By Robin Gomes
The UN Secretary-General is inviting all to “stand up together for journalists, for truth and for justice”, warning, “When journalists are targeted, societies as a whole pay a price.” “Without the ability to protect journalists, our ability to remain informed and contribute to decision-making, is severely hampered,” he said in a message for the 2 November International Day to End Impunity for Crimes against Journalists.
The UN General Assembly established the annual observance in a resolution on 18 December 2013, urging Member States to implement definite measures countering the present culture of impunity. The date commemorates the assassination of two French journalists in Mali on 2 November 2013.
Violence, impunity on the rise
In his statement, the Secretary-General noted the rise in the scale and number of attacks on journalists and media workers, as well as incidents that make their work much harder, including “threats of prosecution, arrest, imprisonment, denial of journalistic access and failures to investigate and prosecute crimes against them”.
In a separate message, Audrey Azoulay, the Director-General of the UN Educational, Scientific and Cultural Organization, UNESCO, pointed out that in the last 10 years, at least 881 journalists have been killed around the world for simply telling the truth. Forty-four have died so far in 2019 alone, she noted, lamenting that in almost nine out of 10 cases, these crimes have gone unpunished.
According to a new UNESCO study, the risks that journalists face, showing that almost 90 per cent of those found responsible for the deaths of more than 1,100 of them, between 2006 and 2018, have not been convicted.
The report, “Intensified Attacks, New Defences”, also notes that killings of journalists have risen by some 18 per cent in the past five years (2014-2018), compared to the previous five-year period.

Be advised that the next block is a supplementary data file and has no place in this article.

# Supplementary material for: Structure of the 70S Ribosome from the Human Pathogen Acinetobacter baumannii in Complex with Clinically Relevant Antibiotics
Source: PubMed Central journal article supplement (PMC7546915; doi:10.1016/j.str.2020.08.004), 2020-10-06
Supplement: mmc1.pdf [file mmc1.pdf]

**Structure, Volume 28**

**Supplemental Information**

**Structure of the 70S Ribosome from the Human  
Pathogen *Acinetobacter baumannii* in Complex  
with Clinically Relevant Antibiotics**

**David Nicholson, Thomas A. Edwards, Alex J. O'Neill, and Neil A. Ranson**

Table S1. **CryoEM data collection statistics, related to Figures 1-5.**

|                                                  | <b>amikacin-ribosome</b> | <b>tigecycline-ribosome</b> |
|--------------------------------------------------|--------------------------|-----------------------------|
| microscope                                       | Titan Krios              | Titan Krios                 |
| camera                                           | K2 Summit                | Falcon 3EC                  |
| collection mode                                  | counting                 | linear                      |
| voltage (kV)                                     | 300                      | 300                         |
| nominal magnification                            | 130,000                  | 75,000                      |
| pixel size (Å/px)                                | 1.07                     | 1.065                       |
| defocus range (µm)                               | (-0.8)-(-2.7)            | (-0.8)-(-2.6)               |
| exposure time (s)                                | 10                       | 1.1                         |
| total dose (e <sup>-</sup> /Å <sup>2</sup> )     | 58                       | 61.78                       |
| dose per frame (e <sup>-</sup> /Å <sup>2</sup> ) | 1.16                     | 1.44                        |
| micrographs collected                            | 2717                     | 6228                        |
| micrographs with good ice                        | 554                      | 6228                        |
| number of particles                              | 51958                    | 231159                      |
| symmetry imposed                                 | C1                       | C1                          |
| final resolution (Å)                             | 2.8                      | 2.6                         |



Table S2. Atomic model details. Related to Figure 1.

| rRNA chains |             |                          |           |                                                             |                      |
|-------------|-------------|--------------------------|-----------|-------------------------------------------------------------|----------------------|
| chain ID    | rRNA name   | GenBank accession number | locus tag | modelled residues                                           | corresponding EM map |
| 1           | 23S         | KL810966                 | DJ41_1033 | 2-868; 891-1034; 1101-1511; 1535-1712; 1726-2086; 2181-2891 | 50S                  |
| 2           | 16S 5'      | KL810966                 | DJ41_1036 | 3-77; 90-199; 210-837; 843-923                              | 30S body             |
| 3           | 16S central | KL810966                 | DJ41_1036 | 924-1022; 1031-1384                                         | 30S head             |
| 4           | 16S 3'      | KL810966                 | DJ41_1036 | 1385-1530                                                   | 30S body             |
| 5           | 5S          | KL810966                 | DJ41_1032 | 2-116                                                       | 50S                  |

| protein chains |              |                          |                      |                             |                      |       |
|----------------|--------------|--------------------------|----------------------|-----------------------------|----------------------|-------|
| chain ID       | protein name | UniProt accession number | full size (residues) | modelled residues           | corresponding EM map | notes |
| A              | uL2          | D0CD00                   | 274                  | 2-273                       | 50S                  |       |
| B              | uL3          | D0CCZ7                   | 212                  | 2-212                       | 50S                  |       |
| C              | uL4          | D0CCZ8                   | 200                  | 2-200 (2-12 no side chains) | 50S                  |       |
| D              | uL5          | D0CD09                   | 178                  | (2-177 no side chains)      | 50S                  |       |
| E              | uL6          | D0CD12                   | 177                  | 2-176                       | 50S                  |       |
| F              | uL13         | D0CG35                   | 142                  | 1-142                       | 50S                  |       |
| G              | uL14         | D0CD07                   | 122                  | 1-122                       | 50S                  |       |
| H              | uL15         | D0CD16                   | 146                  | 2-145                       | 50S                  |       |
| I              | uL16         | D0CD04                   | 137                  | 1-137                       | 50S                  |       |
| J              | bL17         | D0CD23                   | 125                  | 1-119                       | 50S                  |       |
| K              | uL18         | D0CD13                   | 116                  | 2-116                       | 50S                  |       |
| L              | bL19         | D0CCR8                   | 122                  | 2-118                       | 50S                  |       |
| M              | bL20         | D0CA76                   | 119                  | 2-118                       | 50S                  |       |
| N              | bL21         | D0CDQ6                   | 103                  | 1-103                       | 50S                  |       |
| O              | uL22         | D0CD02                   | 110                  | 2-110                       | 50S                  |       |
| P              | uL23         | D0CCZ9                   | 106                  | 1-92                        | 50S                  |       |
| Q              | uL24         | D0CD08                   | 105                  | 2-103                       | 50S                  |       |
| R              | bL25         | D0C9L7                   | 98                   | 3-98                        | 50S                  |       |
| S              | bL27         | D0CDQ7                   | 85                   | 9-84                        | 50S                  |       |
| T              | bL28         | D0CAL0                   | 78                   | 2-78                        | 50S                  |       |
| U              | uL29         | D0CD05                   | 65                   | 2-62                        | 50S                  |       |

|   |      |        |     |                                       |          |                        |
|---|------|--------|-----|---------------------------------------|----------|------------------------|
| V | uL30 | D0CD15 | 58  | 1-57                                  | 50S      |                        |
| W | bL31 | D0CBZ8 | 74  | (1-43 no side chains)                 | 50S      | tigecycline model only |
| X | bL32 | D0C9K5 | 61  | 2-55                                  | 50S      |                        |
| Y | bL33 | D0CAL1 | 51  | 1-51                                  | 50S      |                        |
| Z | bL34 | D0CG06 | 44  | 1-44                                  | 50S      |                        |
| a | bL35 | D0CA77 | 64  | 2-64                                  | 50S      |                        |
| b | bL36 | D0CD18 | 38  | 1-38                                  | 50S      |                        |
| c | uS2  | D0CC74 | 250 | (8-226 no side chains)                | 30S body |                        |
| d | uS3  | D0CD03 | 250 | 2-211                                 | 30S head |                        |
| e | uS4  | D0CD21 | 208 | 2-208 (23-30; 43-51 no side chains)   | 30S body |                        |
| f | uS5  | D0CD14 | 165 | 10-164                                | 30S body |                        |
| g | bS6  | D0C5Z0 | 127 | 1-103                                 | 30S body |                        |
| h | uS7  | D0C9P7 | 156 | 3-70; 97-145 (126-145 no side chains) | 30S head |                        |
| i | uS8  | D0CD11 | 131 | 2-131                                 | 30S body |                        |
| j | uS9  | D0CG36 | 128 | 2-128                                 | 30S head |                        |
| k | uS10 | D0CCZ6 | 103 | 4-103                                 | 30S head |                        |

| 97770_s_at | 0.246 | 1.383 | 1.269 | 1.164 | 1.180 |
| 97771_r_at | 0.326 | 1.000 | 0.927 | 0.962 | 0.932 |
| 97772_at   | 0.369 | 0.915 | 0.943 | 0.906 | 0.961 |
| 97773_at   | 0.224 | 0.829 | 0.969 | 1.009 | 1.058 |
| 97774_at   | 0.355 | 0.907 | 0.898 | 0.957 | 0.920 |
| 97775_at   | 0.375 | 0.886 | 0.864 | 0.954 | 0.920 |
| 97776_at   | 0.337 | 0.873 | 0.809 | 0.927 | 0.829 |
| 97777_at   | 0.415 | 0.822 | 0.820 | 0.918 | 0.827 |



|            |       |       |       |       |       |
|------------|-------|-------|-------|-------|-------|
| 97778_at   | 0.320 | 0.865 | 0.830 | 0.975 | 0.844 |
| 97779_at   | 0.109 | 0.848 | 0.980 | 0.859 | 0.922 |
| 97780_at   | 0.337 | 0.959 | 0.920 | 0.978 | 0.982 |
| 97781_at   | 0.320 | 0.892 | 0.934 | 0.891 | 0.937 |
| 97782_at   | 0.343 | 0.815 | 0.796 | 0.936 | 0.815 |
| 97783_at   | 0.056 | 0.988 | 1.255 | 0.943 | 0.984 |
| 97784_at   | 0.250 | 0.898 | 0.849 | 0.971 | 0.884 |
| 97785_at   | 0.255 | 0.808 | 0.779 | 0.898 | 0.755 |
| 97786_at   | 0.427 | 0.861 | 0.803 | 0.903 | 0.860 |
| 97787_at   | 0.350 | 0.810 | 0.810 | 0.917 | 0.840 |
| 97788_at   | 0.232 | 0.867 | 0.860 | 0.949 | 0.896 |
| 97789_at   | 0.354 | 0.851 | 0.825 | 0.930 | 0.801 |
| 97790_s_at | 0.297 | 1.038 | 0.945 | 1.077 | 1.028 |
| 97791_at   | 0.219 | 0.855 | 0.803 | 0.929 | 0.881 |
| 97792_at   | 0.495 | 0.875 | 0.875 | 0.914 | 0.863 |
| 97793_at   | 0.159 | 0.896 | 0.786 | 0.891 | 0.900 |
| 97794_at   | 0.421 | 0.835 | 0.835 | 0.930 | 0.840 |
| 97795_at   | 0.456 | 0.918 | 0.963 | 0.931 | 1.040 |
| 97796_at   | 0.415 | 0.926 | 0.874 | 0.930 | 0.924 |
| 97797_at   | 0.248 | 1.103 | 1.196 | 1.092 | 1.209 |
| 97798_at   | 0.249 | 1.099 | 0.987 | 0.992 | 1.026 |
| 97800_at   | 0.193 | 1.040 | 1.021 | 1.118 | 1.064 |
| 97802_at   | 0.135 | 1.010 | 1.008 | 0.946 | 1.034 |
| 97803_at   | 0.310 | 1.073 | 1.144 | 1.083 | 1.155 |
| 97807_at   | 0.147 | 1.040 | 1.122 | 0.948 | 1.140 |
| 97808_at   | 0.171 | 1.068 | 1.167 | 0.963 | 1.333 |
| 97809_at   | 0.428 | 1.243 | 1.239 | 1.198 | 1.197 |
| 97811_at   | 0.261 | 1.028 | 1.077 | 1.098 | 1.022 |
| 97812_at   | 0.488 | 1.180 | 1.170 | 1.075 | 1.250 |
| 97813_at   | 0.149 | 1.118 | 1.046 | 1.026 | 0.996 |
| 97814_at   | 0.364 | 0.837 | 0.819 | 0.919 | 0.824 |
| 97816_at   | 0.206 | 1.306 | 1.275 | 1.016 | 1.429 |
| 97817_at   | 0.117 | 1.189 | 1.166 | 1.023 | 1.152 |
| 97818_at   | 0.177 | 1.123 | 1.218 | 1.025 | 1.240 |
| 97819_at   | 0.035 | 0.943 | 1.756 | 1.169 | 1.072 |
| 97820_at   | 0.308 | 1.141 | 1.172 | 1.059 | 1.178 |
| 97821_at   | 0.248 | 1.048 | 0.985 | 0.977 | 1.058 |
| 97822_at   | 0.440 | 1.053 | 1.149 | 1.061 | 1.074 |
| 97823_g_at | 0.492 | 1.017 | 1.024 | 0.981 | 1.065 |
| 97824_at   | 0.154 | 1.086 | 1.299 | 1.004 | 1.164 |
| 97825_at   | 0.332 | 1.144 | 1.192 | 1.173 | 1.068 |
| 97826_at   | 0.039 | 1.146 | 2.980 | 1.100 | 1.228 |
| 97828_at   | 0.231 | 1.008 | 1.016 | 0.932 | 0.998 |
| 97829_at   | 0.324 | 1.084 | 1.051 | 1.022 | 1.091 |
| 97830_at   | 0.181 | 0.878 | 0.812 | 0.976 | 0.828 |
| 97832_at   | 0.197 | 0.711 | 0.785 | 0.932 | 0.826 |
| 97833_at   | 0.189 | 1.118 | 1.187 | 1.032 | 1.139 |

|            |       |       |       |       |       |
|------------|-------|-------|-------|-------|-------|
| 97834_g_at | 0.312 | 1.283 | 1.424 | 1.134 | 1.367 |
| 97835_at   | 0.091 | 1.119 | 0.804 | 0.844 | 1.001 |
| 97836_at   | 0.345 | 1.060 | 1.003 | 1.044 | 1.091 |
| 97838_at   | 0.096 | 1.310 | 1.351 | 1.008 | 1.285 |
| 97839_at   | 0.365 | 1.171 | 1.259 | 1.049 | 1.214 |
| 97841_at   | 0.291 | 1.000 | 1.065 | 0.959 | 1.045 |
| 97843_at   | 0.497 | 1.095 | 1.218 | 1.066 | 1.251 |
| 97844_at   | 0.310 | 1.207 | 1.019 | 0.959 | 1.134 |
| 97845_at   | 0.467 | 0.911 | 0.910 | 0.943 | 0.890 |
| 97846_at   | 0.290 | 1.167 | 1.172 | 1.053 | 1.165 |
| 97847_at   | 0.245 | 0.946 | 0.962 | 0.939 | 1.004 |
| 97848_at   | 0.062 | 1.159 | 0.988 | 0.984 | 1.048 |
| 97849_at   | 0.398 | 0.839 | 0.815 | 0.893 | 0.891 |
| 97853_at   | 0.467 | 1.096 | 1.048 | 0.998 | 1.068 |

The deadliest countries for journalists, according to the statistics, are Arab States, where almost a third of the killings took place. The Latin American and Caribbean region (26 per cent), and Asian and Pacific States (24 per cent) are the next most dangerous.
Journalists are often murdered for their reporting on politics, crime and corruption, and this is reflected in the study, which reveals that, in the past two years (2017-2018), more than half of journalist fatalities were in non-conflict zones.
Guterres noted that the proportion of women among fatalities has also risen, and women journalists increasingly face gendered forms of violence, such as sexual harassment, sexual assault and threats.
A high-profile example is the murder of Maltese journalist Daphne Caruana Galizia in 2017. According to the UN, too little has been done by the Maltese authorities to investigate the killing.
Keep Truth Alive
This year, the UNESCO has launched the #KeepTruthAlive social media campaign, which draws attention to the dangers faced by journalists close to their homes, highlighting the fact that 93% of those killed work locally, and featuring an interactive map created for the campaign, which provides a vivid demonstration of the scale and breadth of the dangers faced by journalists worldwide.
Azoulay pointed out that the campaign shines the spotlight on local journalists working on corruption and politics in non-conflict situations, who represented 93% of journalist deaths in the past decade. She stressed that the end of a journalist’s life should never be the end of the quest for truth.
The UN Secretary-General invited all to “stand up together for journalists, for truth and for justice”. (Source: UN)